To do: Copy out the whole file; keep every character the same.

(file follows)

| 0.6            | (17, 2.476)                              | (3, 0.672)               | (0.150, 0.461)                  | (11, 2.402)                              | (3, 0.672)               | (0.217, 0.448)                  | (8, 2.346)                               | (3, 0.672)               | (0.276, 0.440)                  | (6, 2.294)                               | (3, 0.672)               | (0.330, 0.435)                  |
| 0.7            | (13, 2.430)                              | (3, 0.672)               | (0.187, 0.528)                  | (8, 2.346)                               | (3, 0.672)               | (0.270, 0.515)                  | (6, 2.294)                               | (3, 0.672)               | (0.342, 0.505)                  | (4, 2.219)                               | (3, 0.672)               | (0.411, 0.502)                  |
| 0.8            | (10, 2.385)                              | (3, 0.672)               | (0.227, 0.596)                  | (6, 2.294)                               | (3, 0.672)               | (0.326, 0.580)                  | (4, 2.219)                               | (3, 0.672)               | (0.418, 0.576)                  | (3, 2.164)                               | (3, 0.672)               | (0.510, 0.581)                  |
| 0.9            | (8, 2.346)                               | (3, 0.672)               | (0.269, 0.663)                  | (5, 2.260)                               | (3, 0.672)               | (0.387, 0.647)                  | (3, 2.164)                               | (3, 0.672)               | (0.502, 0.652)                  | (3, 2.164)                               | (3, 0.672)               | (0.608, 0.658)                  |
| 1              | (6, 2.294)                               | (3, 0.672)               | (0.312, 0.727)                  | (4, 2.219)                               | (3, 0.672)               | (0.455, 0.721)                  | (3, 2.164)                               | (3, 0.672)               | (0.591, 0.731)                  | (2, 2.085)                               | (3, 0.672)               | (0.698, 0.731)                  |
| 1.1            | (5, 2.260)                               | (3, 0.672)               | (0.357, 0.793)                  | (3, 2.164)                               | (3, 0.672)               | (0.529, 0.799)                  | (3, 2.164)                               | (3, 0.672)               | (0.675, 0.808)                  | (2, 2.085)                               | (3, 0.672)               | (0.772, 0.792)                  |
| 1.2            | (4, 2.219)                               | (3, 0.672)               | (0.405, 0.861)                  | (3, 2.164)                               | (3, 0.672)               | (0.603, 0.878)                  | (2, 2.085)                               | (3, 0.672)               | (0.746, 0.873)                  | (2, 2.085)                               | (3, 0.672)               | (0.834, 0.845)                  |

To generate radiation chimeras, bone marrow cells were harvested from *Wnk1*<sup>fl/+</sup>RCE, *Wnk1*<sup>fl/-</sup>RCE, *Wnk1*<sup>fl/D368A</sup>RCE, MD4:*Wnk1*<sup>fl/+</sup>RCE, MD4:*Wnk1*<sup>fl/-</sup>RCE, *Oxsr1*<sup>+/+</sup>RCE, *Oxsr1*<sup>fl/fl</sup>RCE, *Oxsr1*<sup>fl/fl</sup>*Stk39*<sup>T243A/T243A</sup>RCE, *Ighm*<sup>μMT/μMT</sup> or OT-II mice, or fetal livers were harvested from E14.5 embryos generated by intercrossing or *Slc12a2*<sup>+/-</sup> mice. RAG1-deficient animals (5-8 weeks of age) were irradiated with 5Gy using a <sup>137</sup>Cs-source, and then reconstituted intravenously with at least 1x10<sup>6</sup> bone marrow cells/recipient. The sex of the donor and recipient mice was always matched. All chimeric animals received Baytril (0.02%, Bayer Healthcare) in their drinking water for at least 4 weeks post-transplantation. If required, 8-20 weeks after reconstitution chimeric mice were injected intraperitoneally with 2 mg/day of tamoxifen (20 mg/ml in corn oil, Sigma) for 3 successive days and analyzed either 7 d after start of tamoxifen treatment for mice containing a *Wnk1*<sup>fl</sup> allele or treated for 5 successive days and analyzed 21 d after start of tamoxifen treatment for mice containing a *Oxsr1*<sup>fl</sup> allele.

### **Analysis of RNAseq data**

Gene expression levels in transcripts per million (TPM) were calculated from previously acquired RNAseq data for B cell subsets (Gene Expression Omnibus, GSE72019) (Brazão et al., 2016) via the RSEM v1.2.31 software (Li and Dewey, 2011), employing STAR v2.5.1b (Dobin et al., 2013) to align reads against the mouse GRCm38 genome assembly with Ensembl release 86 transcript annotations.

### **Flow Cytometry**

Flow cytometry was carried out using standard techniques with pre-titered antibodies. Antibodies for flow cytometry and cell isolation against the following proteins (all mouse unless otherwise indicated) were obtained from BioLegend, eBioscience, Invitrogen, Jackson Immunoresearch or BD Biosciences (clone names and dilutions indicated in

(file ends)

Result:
| 0.6            | (17, 2.476)                              | (3, 0.672)               | (0.150, 0.461)                  | (11, 2.402)                              | (3, 0.672)               | (0.217, 0.448)                  | (8, 2.346)                               | (3, 0.672)               | (0.276, 0.440)                  | (6, 2.294)                               | (3, 0.672)               | (0.330, 0.435)                  |
| 0.7            | (13, 2.430)                              | (3, 0.672)               | (0.187, 0.528)                  | (8, 2.346)                               | (3, 0.672)               | (0.270, 0.515)                  | (6, 2.294)                               | (3, 0.672)               | (0.342, 0.505)                  | (4, 2.219)                               | (3, 0.672)               | (0.411, 0.502)                  |
| 0.8            | (10, 2.385)                              | (3, 0.672)               | (0.227, 0.596)                  | (6, 2.294)                               | (3, 0.672)               | (0.326, 0.580)                  | (4, 2.219)                               | (3, 0.672)               | (0.418, 0.576)                  | (3, 2.164)                               | (3, 0.672)               | (0.510, 0.581)                  |
| 0.9            | (8, 2.346)                               | (3, 0.672)               | (0.269, 0.663)                  | (5, 2.260)                               | (3, 0.672)               | (0.387, 0.647)                  | (3, 2.164)                               | (3, 0.672)               | (0.502, 0.652)                  | (3, 2.164)                               | (3, 0.672)               | (0.608, 0.658)                  |
| 1              | (6, 2.294)                               | (3, 0.672)               | (0.312, 0.727)                  | (4, 2.219)                               | (3, 0.672)               | (0.455, 0.721)                  | (3, 2.164)                               | (3, 0.672)               | (0.591, 0.731)                  | (2, 2.085)                               | (3, 0.672)               | (0.698, 0.731)                  |
| 1.1            | (5, 2.260)                               | (3, 0.672)               | (0.357, 0.793)                  | (3, 2.164)                               | (3, 0.672)               | (0.529, 0.799)                  | (3, 2.164)                               | (3, 0.672)               | (0.675, 0.808)                  | (2, 2.085)                               | (3, 0.672)               | (0.772, 0.792)                  |
| 1.2            | (4, 2.219)                               | (3, 0.672)               | (0.405, 0.861)                  | (3, 2.164)                               | (3, 0.672)               | (0.603, 0.878)                  | (2, 2.085)                               | (3, 0.672)               | (0.746, 0.873)                  | (2, 2.085)                               | (3, 0.672)               | (0.834, 0.845)                  |

To generate radiation chimeras, bone marrow cells were harvested from *Wnk1*<sup>fl/+</sup>RCE, *Wnk1*<sup>fl/-</sup>RCE, *Wnk1*<sup>fl/D368A</sup>RCE, MD4:*Wnk1*<sup>fl/+</sup>RCE, MD4:*Wnk1*<sup>fl/-</sup>RCE, *Oxsr1*<sup>+/+</sup>RCE, *Oxsr1*<sup>fl/fl</sup>RCE, *Oxsr1*<sup>fl/fl</sup>*Stk39*<sup>T243A/T243A</sup>RCE, *Ighm*<sup>μMT/μMT</sup> or OT-II mice, or fetal livers were harvested from E14.5 embryos generated by intercrossing or *Slc12a2*<sup>+/-</sup> mice. RAG1-deficient animals (5-8 weeks of age) were irradiated with 5Gy using a <sup>137</sup>Cs-source, and then reconstituted intravenously with at least 1x10<sup>6</sup> bone marrow cells/recipient. The sex of the donor and recipient mice was always matched. All chimeric animals received Baytril (0.02%, Bayer Healthcare) in their drinking water for at least 4 weeks post-transplantation. If required, 8-20 weeks after reconstitution chimeric mice were injected intraperitoneally with 2 mg/day of tamoxifen (20 mg/ml in corn oil, Sigma) for 3 successive days and analyzed either 7 d after start of tamoxifen treatment for mice containing a *Wnk1*<sup>fl</sup> allele or treated for 5 successive days and analyzed 21 d after start of tamoxifen treatment for mice containing a *Oxsr1*<sup>fl</sup> allele.

### **Analysis of RNAseq data**

Gene expression levels in transcripts per million (TPM) were calculated from previously acquired RNAseq data for B cell subsets (Gene Expression Omnibus, GSE72019) (Brazão et al., 2016) via the RSEM v1.2.31 software (Li and Dewey, 2011), employing STAR v2.5.1b (Dobin et al., 2013) to align reads against the mouse GRCm38 genome assembly with Ensembl release 86 transcript annotations.

### **Flow Cytometry**

Flow cytometry was carried out using standard techniques with pre-titered antibodies. Antibodies for flow cytometry and cell isolation against the following proteins (all mouse unless otherwise indicated) were obtained from BioLegend, eBioscience, Invitrogen, Jackson Immunoresearch or BD Biosciences (clone names and dilutions indicated in